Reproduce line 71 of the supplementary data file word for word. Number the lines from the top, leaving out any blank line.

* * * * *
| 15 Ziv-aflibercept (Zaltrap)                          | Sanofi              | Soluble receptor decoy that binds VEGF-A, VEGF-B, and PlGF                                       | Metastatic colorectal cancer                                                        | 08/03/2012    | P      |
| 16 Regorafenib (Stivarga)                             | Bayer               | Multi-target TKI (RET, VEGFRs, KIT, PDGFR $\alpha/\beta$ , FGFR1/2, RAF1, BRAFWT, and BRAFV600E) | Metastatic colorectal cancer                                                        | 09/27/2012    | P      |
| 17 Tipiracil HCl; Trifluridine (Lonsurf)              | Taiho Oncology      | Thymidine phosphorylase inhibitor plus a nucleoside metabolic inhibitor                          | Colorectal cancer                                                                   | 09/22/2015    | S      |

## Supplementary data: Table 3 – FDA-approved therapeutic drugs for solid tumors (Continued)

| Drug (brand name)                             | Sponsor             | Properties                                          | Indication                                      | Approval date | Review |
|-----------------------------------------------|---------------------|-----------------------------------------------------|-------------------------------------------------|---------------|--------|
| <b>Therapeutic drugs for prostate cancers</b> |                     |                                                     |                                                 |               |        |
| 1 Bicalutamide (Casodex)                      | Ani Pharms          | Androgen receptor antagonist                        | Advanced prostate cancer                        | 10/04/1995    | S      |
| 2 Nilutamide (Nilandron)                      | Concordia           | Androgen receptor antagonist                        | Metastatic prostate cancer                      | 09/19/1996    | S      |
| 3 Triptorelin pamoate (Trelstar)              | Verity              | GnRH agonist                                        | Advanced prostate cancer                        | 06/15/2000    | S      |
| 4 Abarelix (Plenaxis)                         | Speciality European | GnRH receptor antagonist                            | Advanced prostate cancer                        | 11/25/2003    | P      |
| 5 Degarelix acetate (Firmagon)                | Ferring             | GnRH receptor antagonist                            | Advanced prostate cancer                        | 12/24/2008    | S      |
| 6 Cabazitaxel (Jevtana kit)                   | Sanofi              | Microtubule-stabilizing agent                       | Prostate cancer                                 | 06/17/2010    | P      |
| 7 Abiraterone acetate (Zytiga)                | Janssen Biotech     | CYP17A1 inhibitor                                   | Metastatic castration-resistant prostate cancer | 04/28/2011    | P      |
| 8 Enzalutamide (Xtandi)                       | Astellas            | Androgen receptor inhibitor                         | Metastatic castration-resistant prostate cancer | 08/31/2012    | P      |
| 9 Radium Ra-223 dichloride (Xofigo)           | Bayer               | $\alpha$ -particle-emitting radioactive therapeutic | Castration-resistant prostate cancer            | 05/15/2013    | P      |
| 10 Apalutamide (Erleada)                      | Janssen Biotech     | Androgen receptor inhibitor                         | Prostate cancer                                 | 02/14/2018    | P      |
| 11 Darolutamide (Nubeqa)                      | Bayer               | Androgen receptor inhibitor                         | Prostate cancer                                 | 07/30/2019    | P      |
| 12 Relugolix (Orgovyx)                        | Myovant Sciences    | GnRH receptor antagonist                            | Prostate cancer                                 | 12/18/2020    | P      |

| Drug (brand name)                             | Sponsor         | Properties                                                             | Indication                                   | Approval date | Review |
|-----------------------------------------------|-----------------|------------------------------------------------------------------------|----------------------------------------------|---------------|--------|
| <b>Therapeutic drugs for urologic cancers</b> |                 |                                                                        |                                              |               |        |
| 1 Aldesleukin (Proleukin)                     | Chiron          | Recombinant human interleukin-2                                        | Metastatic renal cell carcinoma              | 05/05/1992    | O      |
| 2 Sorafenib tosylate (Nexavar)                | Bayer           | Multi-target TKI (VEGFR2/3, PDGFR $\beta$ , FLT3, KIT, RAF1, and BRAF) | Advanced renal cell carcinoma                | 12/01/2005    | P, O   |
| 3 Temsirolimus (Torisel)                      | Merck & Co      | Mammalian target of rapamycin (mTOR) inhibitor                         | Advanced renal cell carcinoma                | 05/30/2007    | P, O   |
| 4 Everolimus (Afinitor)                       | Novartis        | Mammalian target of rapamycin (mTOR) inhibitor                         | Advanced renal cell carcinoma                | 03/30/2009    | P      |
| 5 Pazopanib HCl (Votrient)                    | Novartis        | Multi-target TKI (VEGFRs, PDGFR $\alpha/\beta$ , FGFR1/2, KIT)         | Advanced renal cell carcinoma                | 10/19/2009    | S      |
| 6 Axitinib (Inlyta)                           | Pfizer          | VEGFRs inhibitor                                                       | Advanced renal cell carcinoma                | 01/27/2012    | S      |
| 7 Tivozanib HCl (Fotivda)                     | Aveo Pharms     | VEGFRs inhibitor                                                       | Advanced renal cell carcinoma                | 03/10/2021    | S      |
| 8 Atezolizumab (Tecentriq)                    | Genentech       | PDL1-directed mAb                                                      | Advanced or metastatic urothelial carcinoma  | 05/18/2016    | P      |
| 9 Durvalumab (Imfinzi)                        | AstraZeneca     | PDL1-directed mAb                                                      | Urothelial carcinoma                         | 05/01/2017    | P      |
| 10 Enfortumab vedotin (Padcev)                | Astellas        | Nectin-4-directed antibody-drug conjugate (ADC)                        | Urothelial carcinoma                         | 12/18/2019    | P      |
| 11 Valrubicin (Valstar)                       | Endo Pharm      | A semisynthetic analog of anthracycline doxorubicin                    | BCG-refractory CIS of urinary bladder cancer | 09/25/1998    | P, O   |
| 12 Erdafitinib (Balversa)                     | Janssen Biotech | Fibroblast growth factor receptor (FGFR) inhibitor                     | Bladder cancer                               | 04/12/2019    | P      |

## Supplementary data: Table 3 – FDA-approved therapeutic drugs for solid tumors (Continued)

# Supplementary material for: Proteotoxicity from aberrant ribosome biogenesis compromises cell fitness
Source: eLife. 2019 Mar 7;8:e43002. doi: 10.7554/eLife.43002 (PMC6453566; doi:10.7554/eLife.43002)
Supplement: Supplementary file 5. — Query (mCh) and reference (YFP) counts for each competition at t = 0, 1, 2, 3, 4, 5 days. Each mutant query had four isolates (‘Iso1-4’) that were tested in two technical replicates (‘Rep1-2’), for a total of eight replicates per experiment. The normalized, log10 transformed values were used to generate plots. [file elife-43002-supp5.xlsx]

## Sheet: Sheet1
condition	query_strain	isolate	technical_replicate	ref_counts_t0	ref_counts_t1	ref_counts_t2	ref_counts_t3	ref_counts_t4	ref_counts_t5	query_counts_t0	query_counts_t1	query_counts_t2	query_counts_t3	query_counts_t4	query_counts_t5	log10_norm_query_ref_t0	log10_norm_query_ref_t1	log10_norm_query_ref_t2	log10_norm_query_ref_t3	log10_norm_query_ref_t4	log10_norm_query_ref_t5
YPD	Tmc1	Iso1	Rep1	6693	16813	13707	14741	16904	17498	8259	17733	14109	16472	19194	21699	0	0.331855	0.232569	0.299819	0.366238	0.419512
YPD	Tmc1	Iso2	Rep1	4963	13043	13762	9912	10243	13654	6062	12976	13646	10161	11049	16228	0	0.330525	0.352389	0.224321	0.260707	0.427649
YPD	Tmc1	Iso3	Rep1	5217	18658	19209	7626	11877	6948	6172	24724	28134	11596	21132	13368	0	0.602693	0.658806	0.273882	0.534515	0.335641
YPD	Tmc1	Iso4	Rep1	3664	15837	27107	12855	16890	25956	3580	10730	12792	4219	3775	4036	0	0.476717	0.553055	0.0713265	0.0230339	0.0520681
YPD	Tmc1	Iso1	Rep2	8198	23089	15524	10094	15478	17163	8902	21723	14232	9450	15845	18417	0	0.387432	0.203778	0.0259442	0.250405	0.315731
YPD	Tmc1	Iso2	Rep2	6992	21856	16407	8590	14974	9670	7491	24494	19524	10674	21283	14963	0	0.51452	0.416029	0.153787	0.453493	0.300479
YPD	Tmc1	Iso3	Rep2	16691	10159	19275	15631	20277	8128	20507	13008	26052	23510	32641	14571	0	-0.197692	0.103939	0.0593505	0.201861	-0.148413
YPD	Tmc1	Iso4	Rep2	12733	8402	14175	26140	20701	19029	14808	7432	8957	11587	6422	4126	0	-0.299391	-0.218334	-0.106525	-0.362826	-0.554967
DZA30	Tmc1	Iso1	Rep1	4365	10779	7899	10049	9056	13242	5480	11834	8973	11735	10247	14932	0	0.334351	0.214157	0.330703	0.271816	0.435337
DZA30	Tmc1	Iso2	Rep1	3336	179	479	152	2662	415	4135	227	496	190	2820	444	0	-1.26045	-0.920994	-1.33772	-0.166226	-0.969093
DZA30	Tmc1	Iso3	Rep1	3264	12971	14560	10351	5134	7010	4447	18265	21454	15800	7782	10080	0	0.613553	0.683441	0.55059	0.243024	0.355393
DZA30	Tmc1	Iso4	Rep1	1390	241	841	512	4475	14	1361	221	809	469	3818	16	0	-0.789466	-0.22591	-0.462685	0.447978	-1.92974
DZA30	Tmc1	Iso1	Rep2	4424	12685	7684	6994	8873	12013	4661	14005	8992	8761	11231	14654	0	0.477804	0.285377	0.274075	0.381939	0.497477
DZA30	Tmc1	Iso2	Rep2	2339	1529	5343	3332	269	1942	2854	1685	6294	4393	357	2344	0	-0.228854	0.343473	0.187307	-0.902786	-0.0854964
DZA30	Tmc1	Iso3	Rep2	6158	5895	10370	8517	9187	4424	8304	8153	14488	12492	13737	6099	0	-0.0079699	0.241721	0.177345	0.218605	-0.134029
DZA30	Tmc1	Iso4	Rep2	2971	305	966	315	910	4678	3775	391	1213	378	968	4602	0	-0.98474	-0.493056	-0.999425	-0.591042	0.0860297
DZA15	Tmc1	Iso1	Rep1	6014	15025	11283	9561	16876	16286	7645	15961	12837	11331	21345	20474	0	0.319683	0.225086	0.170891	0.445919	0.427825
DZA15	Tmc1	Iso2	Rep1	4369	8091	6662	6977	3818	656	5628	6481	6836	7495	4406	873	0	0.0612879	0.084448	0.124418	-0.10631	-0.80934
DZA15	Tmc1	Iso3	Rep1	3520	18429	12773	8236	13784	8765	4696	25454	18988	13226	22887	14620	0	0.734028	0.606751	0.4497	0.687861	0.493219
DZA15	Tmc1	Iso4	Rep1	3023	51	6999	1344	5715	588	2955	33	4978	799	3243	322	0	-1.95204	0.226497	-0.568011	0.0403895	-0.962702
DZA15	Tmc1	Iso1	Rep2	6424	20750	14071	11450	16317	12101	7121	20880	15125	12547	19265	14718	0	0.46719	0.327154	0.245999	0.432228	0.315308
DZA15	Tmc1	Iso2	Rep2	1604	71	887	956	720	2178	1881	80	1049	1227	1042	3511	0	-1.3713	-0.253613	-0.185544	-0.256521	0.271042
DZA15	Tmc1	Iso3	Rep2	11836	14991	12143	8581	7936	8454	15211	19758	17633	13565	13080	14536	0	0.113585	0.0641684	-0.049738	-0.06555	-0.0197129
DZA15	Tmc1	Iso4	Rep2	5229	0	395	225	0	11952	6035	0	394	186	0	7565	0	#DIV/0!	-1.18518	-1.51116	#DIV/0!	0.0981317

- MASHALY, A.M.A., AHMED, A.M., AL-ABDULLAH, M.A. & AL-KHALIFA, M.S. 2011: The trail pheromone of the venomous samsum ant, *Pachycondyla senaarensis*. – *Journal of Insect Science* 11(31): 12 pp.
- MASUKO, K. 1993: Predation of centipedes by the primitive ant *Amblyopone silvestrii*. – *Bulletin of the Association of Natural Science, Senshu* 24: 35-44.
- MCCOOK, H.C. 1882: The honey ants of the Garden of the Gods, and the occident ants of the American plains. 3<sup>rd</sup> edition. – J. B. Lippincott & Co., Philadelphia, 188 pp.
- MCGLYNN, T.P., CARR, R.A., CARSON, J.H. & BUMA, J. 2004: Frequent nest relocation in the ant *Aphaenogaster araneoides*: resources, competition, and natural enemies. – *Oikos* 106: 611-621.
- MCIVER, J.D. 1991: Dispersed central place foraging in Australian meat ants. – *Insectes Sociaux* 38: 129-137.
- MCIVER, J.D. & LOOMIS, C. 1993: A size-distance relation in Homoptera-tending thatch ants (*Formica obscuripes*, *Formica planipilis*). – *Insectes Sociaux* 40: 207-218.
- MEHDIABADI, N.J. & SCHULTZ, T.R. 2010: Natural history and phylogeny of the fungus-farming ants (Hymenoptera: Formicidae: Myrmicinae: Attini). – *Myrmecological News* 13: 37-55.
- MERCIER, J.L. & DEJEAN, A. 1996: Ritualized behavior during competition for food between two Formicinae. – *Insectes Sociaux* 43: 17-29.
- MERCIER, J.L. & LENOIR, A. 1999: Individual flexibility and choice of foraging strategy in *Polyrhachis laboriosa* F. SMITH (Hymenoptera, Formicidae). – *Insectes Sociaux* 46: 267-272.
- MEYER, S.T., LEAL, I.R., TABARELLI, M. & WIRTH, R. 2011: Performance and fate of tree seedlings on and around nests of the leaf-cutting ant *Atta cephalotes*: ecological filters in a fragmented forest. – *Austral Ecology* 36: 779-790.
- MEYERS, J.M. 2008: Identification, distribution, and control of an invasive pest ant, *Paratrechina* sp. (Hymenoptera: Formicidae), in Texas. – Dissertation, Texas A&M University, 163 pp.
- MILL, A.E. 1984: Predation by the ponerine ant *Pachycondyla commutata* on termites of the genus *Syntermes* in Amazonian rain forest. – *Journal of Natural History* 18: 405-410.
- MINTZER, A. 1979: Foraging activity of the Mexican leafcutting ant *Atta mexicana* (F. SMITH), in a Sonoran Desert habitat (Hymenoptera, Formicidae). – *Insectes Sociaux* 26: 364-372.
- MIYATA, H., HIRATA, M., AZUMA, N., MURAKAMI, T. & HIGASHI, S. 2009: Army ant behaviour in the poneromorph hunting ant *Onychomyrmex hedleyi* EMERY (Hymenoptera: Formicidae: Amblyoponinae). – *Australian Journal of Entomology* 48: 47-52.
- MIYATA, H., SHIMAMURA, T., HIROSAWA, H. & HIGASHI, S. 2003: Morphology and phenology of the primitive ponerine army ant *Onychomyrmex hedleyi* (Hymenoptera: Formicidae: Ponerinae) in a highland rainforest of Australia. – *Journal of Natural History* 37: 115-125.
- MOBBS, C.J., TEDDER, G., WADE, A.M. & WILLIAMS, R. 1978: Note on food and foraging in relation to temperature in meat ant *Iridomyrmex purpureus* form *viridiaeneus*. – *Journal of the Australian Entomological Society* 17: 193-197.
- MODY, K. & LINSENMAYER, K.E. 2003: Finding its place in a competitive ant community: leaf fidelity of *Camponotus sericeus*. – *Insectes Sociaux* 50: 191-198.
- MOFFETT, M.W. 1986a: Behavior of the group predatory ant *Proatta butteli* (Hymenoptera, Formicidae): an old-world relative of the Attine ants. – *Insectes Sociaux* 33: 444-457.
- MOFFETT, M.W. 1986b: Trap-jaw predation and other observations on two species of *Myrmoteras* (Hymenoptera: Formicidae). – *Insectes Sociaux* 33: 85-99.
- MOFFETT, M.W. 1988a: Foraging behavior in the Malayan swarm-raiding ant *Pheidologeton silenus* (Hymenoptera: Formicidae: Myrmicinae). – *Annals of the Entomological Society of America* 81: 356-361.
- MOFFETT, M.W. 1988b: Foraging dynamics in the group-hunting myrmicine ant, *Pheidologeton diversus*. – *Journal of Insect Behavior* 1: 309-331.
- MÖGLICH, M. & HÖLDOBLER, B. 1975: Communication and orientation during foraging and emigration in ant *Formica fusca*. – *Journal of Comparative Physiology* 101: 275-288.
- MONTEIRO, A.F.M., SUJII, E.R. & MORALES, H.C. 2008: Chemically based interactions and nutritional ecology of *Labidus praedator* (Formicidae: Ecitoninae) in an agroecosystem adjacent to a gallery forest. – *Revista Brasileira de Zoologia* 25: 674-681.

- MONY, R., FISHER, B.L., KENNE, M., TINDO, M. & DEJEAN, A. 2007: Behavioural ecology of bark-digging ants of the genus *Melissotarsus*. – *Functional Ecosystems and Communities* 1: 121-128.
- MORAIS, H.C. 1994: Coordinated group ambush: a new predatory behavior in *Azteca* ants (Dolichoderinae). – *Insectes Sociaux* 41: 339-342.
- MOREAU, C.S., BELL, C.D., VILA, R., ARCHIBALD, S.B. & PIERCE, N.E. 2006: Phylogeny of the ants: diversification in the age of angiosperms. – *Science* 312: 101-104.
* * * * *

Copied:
- MEHDIABADI, N.J. & SCHULTZ, T.R. 2010: Natural history and phylogeny of the fungus-farming ants (Hymenoptera: Formicidae: Myrmicinae: Attini). – *Myrmecological News* 13: 37-55.